Lunar Ice Discovery Follows Fresh Look at 2008 Data
IMAGE COURTESY OF NASA
A three-color composite of radiation from the sun shows water detected at high latitudes of the moon.
How long do the full benefits of a space probe project take to realize? A decade, in the case of a research team based at the University of Hawaii in Manoa. The team applied a fresh analysis to data collected by NASA's Moon Mineralogy Mapper (M3), which launched as part of India's first lunar probe, Chandrayaan 1, in 2008. The findings: definitive evidence for surface-exposed ice in the moon's shadowy polar regions.
This is the first time that direct evidence for lunar water has been discovered, according to the Proceedings of the National Academy of Sciences, and this discovery could have massive implications for future moon-exploration projects.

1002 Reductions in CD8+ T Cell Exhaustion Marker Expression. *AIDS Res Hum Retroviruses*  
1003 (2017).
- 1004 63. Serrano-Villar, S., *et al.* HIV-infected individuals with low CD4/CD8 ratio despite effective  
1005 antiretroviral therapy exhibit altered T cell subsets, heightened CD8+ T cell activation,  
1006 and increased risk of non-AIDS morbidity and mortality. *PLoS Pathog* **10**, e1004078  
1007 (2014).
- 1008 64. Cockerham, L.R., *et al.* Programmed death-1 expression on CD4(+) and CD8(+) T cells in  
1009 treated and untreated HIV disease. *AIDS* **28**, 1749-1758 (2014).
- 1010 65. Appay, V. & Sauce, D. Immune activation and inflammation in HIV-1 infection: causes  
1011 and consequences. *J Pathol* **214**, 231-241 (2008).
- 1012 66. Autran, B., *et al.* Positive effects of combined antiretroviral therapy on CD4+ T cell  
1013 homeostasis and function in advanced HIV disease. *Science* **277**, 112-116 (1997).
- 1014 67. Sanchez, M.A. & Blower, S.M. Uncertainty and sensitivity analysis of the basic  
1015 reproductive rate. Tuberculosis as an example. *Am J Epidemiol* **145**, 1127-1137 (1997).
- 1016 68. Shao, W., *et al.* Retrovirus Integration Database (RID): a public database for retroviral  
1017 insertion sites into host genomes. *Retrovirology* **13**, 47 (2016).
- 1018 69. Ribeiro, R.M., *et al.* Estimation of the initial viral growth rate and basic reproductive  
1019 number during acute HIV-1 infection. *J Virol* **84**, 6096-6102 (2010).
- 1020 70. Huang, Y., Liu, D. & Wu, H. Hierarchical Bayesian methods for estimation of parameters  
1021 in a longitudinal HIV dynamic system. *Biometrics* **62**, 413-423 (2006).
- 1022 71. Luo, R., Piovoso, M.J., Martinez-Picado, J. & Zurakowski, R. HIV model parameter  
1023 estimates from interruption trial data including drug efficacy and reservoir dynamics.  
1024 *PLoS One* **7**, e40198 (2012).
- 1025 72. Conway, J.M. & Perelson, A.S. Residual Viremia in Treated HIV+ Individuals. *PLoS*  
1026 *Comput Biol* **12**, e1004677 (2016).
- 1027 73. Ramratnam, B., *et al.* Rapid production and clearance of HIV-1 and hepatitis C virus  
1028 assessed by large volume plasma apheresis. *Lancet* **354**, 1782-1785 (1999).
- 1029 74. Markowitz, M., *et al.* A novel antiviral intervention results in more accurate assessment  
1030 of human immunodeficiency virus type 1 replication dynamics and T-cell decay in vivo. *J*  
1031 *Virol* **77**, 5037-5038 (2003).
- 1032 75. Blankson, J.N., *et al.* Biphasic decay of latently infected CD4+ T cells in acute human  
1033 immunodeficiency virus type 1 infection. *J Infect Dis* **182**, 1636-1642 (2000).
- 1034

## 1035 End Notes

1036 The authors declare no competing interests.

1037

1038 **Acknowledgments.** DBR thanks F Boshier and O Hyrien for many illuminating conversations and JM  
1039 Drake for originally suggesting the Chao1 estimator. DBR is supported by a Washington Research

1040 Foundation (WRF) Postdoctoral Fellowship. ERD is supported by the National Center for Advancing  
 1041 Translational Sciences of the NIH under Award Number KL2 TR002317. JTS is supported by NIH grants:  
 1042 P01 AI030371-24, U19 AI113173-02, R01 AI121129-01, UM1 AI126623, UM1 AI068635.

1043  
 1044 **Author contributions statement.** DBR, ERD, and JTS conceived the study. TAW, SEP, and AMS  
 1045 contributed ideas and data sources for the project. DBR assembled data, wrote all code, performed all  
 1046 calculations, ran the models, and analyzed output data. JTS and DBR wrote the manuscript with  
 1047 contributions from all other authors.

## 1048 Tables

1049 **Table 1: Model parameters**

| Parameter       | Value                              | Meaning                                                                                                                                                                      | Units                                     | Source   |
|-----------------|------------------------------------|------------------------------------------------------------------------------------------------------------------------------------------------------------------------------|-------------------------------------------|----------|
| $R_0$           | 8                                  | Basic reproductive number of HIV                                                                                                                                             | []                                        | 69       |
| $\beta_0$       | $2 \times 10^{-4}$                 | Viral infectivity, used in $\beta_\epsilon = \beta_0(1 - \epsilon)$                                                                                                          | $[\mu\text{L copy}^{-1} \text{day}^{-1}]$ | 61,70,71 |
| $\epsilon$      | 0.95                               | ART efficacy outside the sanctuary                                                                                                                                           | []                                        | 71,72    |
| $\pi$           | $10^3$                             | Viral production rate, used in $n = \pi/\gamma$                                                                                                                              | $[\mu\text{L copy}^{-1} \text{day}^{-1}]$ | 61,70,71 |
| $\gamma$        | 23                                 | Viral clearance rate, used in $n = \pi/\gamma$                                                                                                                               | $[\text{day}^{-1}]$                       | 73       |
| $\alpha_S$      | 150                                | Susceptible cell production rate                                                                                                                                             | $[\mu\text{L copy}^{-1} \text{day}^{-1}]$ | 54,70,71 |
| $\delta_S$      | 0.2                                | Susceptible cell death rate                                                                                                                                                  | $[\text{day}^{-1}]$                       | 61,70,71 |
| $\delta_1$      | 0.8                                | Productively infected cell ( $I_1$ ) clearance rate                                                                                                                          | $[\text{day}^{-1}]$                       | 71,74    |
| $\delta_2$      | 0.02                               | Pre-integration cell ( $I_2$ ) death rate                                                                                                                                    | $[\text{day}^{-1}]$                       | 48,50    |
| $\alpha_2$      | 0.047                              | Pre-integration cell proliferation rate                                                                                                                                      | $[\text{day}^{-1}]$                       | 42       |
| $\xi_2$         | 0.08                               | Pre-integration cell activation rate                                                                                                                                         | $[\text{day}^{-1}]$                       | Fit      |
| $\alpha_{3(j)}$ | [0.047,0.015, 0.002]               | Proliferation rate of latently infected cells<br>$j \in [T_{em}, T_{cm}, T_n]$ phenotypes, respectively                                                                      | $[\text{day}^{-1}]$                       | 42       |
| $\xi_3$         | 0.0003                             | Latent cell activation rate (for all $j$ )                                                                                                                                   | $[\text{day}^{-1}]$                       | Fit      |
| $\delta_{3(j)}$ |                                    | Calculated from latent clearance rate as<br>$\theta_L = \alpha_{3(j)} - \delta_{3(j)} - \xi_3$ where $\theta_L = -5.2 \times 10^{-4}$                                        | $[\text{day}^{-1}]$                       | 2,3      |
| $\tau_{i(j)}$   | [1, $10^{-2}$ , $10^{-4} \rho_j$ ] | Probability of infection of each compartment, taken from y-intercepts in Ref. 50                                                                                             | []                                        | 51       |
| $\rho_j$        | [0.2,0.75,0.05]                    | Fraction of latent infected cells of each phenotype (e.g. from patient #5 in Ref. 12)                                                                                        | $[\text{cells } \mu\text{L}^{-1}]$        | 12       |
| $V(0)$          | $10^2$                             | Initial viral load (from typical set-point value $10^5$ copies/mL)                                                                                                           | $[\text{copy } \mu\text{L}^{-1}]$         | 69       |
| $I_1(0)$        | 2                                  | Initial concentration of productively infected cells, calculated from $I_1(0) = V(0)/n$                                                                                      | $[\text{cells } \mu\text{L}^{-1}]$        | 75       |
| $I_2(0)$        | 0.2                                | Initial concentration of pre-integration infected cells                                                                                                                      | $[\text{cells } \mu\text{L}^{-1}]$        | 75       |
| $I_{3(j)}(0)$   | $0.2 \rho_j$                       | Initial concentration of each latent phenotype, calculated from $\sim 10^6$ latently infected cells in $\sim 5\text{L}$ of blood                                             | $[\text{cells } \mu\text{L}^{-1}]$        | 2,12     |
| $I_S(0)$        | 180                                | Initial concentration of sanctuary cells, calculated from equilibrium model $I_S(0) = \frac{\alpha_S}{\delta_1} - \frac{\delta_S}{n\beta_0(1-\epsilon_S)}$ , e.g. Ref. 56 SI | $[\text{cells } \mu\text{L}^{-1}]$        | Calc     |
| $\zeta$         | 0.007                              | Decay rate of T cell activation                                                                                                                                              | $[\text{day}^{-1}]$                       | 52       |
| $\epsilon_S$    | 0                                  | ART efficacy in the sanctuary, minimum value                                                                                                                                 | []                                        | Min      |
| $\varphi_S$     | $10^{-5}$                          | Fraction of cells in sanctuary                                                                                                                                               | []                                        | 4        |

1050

Previously, nailing down firm evidence for lunar ice was hampered by the limitations of data gathering in the craters of the moon's shadowy poles. In fact, the M3 data set was of such poor quality that many other researchers had written it off as unusable.
But this didn't deter planetary scientist Shuai Li, whose team tackled the challenge by patiently using traces of sunlight that had bounced off crater walls. They were able to locate areas where specific wavelengths of light were absorbed, indicating the presence of water. The team then developed multiple independent statistical tests to demonstrate that the M3 data's indications of water ice were solid evidence, not just flukes. “This was a really surprising finding,” said Dr. Li. “I was astounded when I looked closer and found such meaningful spectral features in the measurements.”
—Shuai Li, University of Hawaii, Manoa, Hawaii, USA, to The New York Times